Source: Vatican News
During morning Mass at Casa Santa Marta, Pope Francis spoke of the danger of jealousy and envy that can lead us to misjudge others. These two words, he said, are the "seed of war."
The Gospel reading of the day describes how King Saul's jealousy of David fades. Pope Francis said the king's jealousy comes from the fact that although he had killed ten thousand enemies, and David 'only' one thousand, the young women sang songs about David's victories. This, said the Pope, is where "the restlessness of jealousy" begins. As a result, the king sets off with his army to kill David.
"Jealousies are criminals," said Pope Francis, they are "always trying to kill." And to those who say "yes, I'm jealous…but I'm not a murderer," the Pope replies, "not yet."... "But if you continue it can end badly, because it is easy to kill, even "with your tongue, with slander."
Those who are jealous, said the Pope, are "incapable of seeing reality," and only "a very strong fact" can open their eyes. So in Saul's mind, "jealousy led him to believe that David was a murderer, an enemy."
When someone who is jealous finally encounters this "fact", this reality, said the Pope, "it is a grace from God." When this happens, "jealousy bursts like a soap bubble," because jealousy and envy have "no consistency."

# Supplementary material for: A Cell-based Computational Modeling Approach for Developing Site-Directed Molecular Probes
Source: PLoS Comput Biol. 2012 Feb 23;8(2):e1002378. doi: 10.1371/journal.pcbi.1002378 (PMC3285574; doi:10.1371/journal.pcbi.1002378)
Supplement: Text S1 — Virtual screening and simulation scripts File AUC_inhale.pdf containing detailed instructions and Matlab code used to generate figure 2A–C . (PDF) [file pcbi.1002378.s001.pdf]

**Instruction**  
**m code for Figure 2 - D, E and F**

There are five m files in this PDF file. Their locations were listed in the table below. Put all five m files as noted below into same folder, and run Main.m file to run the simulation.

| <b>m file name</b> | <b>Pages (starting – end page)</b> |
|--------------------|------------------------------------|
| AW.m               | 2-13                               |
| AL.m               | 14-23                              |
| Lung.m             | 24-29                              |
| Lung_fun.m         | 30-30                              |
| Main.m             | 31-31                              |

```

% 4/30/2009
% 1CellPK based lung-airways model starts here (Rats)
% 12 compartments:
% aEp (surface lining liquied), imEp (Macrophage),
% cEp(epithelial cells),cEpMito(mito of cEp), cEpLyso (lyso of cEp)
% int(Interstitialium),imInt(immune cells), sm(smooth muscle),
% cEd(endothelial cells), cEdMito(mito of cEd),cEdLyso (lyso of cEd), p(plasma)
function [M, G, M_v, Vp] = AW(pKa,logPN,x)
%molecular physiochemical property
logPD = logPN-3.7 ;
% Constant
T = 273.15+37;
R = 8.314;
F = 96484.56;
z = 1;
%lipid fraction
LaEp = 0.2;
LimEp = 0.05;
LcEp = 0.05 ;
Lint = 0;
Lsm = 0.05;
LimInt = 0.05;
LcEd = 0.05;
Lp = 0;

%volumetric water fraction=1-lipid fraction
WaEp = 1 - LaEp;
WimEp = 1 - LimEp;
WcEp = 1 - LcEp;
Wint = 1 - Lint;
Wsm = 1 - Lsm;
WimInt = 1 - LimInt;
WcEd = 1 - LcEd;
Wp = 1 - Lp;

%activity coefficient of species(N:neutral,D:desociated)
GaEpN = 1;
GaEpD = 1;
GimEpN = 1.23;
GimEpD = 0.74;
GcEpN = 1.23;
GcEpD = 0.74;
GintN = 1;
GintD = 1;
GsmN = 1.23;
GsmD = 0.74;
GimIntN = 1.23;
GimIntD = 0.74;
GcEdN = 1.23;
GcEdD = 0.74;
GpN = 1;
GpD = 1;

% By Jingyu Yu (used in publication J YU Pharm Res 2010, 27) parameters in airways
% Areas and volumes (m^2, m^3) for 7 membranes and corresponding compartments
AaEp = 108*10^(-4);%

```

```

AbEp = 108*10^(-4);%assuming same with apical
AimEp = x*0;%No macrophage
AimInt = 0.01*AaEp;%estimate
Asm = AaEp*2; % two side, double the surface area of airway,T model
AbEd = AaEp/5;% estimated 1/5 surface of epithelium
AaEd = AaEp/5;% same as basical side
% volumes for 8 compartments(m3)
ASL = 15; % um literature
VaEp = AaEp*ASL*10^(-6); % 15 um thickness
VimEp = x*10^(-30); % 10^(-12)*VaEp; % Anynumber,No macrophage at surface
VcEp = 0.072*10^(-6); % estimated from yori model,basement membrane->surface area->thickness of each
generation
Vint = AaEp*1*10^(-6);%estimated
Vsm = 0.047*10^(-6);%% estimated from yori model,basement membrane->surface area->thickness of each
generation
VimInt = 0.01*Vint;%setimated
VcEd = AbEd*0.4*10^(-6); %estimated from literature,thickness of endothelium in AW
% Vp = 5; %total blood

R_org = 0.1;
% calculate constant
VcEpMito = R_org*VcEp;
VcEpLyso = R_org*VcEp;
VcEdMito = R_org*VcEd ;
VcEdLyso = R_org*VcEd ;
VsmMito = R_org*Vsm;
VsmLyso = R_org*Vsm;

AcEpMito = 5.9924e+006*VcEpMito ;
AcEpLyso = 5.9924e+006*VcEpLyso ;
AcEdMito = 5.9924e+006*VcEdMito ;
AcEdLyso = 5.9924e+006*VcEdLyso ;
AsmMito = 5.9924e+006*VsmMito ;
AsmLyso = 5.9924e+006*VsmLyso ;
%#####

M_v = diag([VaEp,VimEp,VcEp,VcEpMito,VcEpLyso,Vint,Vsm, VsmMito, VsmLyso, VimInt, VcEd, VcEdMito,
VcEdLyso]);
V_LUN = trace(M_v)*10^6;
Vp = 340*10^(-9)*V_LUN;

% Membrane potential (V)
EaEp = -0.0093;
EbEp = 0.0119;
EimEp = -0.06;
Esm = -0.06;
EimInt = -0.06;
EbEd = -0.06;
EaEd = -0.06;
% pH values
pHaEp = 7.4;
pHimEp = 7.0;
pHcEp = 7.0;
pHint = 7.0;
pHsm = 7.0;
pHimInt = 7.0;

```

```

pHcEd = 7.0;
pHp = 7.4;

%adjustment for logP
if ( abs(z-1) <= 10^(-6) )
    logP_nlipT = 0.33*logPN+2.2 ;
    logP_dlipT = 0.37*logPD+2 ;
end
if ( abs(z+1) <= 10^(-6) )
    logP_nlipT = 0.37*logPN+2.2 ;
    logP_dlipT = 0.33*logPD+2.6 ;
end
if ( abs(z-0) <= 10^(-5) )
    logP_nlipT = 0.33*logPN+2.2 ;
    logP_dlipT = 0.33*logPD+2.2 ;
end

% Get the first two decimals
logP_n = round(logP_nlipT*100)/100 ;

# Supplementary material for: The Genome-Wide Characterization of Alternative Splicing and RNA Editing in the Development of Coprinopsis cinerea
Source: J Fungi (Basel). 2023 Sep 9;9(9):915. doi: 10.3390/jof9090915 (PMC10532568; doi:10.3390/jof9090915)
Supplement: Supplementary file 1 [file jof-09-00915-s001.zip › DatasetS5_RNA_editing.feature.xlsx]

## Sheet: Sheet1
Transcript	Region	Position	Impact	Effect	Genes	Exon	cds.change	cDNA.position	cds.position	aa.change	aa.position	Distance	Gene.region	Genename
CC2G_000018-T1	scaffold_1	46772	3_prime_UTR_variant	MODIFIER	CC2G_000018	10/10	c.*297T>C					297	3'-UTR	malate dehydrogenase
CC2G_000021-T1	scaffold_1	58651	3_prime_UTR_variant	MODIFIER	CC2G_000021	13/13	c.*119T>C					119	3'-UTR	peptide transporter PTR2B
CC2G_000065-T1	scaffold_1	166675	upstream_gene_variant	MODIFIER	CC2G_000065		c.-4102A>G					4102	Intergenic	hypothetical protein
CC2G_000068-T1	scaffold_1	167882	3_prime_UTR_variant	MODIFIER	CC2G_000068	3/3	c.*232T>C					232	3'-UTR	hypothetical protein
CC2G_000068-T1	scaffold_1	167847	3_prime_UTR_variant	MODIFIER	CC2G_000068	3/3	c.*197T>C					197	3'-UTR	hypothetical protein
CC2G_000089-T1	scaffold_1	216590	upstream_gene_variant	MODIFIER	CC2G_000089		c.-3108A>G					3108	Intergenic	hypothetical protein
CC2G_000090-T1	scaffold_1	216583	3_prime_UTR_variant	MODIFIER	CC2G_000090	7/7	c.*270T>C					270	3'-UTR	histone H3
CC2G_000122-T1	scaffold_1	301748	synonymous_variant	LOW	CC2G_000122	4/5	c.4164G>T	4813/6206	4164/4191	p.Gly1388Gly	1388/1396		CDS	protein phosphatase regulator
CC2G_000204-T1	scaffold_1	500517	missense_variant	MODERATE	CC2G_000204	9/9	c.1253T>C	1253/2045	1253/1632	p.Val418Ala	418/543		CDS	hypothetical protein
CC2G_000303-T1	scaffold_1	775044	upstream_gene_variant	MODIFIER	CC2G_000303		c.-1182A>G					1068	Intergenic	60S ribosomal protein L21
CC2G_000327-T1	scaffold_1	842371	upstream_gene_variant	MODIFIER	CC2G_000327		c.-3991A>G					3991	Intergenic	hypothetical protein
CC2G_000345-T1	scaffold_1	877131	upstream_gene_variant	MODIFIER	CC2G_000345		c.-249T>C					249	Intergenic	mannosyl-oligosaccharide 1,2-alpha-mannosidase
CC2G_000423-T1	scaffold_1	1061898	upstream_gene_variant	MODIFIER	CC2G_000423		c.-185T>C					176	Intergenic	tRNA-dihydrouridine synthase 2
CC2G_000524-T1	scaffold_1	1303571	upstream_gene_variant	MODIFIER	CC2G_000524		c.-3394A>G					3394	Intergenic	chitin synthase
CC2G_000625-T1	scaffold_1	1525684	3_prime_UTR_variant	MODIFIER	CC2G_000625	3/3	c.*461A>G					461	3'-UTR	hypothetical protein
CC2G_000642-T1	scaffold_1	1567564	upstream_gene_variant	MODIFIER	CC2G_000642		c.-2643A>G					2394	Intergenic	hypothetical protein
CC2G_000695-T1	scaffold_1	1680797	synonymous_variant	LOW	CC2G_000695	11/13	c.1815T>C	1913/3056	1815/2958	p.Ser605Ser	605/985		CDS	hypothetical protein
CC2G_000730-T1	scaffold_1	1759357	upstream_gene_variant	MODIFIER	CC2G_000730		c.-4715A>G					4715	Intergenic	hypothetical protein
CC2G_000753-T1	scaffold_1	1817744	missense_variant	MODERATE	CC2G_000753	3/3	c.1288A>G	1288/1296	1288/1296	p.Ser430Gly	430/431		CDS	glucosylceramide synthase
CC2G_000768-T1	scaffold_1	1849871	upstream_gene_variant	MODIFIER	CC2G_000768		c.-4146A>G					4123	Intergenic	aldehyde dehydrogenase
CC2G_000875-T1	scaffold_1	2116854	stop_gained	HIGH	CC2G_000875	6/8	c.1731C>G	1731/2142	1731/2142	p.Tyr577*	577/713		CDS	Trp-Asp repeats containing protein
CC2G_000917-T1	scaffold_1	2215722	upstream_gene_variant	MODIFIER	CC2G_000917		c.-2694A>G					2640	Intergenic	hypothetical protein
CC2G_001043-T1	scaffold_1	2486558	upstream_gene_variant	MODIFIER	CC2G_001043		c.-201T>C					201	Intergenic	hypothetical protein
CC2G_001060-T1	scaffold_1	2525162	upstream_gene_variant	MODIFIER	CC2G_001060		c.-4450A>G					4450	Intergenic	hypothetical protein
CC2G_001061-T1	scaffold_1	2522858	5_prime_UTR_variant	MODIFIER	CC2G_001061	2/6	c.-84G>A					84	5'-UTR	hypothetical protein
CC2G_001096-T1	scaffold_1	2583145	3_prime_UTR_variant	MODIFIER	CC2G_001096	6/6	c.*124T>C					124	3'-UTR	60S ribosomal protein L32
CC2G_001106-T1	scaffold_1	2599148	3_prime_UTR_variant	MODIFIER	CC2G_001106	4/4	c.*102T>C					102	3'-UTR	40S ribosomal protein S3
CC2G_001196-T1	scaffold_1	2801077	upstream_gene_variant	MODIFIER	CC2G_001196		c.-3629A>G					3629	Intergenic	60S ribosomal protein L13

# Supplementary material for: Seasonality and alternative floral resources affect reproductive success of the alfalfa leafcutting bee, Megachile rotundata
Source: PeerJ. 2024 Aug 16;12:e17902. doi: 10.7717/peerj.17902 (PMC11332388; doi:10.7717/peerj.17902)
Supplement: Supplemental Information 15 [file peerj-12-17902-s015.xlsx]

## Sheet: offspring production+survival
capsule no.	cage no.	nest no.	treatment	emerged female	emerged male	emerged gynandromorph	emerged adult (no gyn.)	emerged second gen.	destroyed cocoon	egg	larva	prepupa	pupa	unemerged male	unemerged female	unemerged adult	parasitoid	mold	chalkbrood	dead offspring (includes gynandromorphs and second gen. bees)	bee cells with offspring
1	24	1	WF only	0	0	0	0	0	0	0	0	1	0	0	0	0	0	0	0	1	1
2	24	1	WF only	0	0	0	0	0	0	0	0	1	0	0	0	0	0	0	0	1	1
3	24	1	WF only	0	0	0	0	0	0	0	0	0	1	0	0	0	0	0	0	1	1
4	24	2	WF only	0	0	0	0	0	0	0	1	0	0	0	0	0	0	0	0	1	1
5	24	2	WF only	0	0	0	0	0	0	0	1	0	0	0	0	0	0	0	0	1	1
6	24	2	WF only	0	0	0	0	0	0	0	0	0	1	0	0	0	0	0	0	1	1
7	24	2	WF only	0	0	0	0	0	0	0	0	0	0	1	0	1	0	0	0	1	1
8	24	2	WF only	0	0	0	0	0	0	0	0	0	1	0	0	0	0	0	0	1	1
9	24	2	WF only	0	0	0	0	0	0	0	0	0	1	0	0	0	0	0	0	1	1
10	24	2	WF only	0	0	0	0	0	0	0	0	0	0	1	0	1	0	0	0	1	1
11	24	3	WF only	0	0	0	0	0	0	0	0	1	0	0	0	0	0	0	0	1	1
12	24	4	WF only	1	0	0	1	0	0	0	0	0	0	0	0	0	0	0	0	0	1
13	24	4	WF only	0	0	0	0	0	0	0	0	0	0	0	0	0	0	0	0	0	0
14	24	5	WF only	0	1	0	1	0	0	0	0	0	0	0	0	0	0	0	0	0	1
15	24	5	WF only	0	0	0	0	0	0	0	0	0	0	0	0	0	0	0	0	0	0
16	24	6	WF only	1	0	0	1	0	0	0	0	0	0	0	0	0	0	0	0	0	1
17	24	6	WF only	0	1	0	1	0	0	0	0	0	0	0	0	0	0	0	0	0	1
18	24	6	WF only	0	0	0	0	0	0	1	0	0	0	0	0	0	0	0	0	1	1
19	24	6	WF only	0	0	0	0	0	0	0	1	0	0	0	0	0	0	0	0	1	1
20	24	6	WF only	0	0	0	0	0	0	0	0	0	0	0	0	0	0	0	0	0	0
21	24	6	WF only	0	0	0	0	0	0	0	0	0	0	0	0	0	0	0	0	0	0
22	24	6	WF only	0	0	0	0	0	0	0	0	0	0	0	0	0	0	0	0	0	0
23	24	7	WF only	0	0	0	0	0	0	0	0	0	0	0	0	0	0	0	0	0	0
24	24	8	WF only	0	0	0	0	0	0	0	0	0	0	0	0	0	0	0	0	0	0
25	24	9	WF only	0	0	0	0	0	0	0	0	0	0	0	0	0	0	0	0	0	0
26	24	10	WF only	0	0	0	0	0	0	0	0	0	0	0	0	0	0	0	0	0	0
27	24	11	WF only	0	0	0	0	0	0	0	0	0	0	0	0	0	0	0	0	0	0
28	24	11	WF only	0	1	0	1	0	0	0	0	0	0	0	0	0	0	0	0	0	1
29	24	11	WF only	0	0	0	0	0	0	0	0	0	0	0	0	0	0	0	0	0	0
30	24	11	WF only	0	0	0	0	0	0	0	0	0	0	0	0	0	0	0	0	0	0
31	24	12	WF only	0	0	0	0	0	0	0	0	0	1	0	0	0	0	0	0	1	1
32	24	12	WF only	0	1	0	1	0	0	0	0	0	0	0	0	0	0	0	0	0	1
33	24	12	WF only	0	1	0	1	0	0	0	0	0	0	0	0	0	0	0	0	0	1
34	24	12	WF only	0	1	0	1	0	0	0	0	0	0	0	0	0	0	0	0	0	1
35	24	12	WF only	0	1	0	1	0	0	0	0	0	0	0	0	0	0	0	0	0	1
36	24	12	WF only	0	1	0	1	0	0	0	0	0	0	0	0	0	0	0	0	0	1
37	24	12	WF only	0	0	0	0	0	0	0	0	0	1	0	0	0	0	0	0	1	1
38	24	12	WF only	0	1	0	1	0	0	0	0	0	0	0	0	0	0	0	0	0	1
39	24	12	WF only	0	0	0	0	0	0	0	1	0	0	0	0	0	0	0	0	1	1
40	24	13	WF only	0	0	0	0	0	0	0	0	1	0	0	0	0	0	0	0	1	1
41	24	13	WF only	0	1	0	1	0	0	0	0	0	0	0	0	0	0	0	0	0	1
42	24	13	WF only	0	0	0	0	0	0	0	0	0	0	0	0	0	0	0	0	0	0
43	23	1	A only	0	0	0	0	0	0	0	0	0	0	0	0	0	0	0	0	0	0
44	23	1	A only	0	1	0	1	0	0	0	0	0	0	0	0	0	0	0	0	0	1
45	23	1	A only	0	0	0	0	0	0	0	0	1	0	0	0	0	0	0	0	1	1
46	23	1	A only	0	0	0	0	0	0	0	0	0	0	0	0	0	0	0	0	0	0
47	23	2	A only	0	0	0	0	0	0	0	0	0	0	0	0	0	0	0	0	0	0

He explained that jealousy is born of a conversation with oneself, misinterpreting things in a way that prevents us from seeing reality.
When God gives us the grace to see the reality of the situation, He invites us to look at ourselves, said the Pope. We must "protect our hearts from this illness, from this conversation with oneself."
We must "be careful" of this "worm" that enters each one of us, he said, adding that "when we feel this distaste for someone, we must ask ourselves why?"
Finally Pope Francis prayed to the Lord that we may have the grace of having a transparent heart - a friendly one, he added, that "seeks only justice" and peace.
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